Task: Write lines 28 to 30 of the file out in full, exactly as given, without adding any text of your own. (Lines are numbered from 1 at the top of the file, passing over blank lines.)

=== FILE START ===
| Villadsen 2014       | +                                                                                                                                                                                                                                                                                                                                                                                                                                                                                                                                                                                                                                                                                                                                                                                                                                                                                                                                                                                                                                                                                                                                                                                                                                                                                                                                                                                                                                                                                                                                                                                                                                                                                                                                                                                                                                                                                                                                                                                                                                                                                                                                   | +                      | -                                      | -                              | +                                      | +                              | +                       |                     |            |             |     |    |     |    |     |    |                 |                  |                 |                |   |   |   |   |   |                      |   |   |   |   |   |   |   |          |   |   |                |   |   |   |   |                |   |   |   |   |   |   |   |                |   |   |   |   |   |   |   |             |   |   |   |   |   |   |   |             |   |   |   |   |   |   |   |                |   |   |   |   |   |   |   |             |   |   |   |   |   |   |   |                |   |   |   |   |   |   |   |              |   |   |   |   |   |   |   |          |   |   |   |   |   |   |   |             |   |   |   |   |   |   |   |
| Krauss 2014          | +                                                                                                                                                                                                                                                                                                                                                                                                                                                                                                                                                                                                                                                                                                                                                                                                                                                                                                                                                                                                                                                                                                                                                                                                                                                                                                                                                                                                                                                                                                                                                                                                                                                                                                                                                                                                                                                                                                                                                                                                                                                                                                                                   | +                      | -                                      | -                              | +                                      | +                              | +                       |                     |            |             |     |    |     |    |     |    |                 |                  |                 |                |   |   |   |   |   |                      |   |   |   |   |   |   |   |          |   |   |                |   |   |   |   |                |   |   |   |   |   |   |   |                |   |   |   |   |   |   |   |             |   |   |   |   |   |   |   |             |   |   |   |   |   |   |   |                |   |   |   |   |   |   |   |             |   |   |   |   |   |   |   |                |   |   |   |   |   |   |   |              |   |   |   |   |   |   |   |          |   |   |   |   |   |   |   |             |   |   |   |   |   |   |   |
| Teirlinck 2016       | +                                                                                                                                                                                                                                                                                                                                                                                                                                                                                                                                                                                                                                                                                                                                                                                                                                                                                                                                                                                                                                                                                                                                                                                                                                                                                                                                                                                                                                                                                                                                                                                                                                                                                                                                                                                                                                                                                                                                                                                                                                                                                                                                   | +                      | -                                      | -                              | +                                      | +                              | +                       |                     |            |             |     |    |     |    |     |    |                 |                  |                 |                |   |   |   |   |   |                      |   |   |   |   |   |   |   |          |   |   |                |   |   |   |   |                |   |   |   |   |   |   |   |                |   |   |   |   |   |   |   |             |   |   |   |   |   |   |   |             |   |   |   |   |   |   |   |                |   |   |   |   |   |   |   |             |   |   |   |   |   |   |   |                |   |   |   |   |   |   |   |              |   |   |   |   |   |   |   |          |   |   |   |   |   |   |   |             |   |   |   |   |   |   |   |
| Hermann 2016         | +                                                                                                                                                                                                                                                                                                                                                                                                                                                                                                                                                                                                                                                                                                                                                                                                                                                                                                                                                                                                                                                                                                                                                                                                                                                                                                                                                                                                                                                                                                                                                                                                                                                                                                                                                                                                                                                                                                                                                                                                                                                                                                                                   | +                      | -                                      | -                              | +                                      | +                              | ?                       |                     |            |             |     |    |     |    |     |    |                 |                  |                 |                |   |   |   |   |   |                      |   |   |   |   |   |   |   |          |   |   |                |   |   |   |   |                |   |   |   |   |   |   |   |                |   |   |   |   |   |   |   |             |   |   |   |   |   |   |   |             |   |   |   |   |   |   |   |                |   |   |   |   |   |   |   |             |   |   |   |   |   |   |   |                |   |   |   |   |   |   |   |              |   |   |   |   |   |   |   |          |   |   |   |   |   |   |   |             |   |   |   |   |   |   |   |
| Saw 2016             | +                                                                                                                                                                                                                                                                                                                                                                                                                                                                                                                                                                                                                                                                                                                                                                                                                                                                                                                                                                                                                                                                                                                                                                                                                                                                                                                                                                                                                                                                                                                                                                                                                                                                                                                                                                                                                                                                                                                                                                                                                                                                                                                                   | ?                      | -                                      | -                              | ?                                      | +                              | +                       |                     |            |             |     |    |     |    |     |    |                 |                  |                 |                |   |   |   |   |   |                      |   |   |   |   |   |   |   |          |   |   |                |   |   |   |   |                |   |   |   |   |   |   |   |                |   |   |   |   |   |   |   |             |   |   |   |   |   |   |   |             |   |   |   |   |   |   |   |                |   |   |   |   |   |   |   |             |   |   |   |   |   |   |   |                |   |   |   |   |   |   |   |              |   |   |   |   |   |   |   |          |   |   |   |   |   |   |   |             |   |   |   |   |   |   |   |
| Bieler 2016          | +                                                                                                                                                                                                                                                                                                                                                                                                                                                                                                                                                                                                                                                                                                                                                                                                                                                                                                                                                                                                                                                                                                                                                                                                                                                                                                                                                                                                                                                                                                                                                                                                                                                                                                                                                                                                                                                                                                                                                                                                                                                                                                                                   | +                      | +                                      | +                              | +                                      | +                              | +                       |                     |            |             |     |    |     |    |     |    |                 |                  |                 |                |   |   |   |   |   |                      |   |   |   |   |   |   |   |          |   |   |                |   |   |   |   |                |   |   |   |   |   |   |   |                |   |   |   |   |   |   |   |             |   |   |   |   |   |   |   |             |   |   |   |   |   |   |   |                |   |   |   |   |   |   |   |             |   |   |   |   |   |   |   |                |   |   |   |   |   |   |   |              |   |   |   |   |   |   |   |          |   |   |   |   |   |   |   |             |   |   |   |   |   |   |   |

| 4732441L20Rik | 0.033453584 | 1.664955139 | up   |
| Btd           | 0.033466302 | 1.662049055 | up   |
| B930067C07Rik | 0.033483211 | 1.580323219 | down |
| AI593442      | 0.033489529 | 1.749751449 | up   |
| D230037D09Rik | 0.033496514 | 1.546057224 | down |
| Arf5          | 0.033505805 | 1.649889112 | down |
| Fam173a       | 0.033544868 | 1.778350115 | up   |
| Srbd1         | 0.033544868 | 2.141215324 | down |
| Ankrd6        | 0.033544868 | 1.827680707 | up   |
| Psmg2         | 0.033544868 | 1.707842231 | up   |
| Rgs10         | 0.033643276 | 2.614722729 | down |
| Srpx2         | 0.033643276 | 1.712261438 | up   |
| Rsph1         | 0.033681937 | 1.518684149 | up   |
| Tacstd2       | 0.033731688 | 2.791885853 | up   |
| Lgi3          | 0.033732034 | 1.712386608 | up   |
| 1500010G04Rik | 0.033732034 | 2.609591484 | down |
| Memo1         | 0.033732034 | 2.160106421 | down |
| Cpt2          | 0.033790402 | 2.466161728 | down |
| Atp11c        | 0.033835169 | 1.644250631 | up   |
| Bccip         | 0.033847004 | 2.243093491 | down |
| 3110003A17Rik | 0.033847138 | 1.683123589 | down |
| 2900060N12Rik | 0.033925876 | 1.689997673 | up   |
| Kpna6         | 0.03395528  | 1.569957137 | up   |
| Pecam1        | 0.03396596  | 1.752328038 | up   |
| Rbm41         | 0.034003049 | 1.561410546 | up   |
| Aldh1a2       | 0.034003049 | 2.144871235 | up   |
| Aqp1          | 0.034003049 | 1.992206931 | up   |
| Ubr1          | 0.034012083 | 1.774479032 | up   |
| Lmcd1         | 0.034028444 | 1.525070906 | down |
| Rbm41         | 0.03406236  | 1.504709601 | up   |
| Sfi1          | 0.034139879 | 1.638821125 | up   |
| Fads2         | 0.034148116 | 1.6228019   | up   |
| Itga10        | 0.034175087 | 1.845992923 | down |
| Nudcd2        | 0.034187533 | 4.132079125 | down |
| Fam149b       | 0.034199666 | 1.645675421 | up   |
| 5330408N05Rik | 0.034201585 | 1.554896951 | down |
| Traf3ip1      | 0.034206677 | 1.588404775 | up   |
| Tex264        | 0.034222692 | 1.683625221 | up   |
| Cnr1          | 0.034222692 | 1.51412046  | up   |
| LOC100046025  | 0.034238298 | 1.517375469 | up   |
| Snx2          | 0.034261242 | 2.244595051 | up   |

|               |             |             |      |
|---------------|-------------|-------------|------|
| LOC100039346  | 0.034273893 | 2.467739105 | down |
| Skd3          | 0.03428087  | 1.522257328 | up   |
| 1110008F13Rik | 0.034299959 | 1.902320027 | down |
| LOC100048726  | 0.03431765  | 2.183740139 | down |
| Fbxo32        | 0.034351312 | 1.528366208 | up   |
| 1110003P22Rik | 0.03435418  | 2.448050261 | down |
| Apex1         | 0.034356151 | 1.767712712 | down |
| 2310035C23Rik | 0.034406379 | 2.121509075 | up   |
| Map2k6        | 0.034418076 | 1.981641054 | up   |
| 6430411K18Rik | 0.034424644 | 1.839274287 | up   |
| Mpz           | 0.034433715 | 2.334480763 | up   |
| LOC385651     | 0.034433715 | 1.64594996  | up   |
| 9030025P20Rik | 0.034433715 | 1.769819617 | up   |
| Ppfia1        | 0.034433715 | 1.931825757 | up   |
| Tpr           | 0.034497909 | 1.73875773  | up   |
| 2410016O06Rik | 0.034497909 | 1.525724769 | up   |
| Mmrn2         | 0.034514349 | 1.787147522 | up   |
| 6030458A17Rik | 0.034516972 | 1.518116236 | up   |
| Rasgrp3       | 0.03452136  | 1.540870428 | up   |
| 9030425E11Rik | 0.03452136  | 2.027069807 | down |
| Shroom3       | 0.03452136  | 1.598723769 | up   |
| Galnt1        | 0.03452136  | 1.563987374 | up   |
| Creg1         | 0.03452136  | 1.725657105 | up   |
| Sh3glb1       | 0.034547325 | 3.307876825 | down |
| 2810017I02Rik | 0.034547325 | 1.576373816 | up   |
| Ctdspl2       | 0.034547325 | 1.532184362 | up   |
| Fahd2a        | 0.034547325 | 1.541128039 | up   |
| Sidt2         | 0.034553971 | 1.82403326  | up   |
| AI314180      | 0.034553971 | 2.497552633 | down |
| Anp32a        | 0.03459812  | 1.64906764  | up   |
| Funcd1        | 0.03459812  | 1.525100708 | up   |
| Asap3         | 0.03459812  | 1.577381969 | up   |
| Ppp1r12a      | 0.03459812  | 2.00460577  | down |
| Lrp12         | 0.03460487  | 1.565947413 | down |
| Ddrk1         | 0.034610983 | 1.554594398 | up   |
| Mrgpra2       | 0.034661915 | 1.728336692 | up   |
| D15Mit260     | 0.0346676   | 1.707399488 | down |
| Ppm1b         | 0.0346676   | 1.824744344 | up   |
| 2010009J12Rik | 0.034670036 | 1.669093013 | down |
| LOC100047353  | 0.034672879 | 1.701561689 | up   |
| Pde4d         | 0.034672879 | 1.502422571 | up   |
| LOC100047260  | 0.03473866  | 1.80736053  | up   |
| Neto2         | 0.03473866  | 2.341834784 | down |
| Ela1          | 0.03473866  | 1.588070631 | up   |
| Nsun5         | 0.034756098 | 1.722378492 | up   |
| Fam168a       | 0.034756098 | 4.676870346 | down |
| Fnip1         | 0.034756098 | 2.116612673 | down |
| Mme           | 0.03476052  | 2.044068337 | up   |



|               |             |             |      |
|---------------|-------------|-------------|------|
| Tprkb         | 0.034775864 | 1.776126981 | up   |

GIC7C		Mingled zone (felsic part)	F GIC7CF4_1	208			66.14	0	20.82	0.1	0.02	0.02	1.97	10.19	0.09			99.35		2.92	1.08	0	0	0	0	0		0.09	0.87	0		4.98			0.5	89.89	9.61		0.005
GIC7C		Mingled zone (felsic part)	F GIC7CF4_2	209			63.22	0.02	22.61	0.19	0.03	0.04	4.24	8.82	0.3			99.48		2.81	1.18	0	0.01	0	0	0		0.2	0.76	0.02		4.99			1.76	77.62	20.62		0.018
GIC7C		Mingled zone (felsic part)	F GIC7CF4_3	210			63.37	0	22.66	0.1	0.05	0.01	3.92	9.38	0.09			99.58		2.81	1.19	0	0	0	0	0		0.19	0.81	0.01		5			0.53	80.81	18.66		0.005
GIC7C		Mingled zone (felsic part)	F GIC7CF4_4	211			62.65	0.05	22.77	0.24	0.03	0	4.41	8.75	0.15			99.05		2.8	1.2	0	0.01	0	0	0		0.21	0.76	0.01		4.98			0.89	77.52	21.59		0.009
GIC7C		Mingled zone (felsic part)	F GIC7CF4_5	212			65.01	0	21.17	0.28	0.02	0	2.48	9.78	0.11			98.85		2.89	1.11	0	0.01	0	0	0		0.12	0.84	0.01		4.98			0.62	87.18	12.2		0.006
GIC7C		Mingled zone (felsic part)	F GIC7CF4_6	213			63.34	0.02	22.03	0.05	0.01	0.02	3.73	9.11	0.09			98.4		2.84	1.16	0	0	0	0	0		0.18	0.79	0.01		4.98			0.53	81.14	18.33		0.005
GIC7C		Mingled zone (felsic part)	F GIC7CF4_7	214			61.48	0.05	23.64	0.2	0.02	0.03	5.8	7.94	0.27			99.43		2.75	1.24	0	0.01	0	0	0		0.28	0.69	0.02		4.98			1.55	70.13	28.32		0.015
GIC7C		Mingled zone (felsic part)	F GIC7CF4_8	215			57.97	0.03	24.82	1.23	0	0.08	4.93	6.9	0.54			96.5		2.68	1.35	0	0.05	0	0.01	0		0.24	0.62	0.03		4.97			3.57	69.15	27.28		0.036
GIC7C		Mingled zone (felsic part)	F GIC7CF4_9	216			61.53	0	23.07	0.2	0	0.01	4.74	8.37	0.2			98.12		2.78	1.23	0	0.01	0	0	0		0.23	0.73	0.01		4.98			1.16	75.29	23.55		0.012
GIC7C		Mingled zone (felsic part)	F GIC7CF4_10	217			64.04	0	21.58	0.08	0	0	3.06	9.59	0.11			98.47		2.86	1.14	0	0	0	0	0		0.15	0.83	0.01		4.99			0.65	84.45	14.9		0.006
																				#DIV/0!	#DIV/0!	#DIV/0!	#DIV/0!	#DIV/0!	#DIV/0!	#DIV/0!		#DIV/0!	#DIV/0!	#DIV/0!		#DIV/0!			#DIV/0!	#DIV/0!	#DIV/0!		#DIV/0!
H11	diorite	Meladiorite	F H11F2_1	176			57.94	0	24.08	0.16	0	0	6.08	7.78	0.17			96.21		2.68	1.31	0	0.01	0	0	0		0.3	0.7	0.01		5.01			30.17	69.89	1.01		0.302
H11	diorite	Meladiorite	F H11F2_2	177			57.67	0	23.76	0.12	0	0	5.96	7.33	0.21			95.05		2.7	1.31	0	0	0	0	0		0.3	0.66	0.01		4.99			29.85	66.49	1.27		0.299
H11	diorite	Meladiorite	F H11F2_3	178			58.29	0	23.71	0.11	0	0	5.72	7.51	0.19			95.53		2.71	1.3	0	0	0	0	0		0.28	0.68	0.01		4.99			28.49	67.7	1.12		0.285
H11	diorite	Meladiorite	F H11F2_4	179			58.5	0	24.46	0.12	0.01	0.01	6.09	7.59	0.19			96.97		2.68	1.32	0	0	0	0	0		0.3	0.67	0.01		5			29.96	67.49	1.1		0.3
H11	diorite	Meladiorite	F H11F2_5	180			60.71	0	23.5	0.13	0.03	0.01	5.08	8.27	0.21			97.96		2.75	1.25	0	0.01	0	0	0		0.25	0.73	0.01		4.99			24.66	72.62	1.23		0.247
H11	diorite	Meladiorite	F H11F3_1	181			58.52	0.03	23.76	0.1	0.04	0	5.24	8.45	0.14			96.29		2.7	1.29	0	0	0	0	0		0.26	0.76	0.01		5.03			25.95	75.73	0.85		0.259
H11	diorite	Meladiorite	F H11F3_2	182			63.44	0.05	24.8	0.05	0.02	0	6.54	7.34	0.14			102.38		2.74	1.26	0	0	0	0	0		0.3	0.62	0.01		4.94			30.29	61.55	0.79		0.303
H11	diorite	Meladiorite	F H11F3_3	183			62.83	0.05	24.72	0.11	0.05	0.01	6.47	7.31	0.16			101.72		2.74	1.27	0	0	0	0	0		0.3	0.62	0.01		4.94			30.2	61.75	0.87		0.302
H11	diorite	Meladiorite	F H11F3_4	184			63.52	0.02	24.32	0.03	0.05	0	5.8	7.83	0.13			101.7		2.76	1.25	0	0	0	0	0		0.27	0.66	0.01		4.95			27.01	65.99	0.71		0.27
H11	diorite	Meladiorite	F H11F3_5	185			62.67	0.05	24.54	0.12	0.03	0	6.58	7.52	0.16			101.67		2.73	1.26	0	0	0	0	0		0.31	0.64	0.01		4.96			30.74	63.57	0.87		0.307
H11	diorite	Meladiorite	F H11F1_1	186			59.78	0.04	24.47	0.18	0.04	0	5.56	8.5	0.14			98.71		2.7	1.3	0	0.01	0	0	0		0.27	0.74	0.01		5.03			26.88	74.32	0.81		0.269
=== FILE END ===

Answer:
| 2900060N12Rik | 0.033925876 | 1.689997673 | up   |
| Kpna6         | 0.03395528  | 1.569957137 | up   |
| Pecam1        | 0.03396596  | 1.752328038 | up   |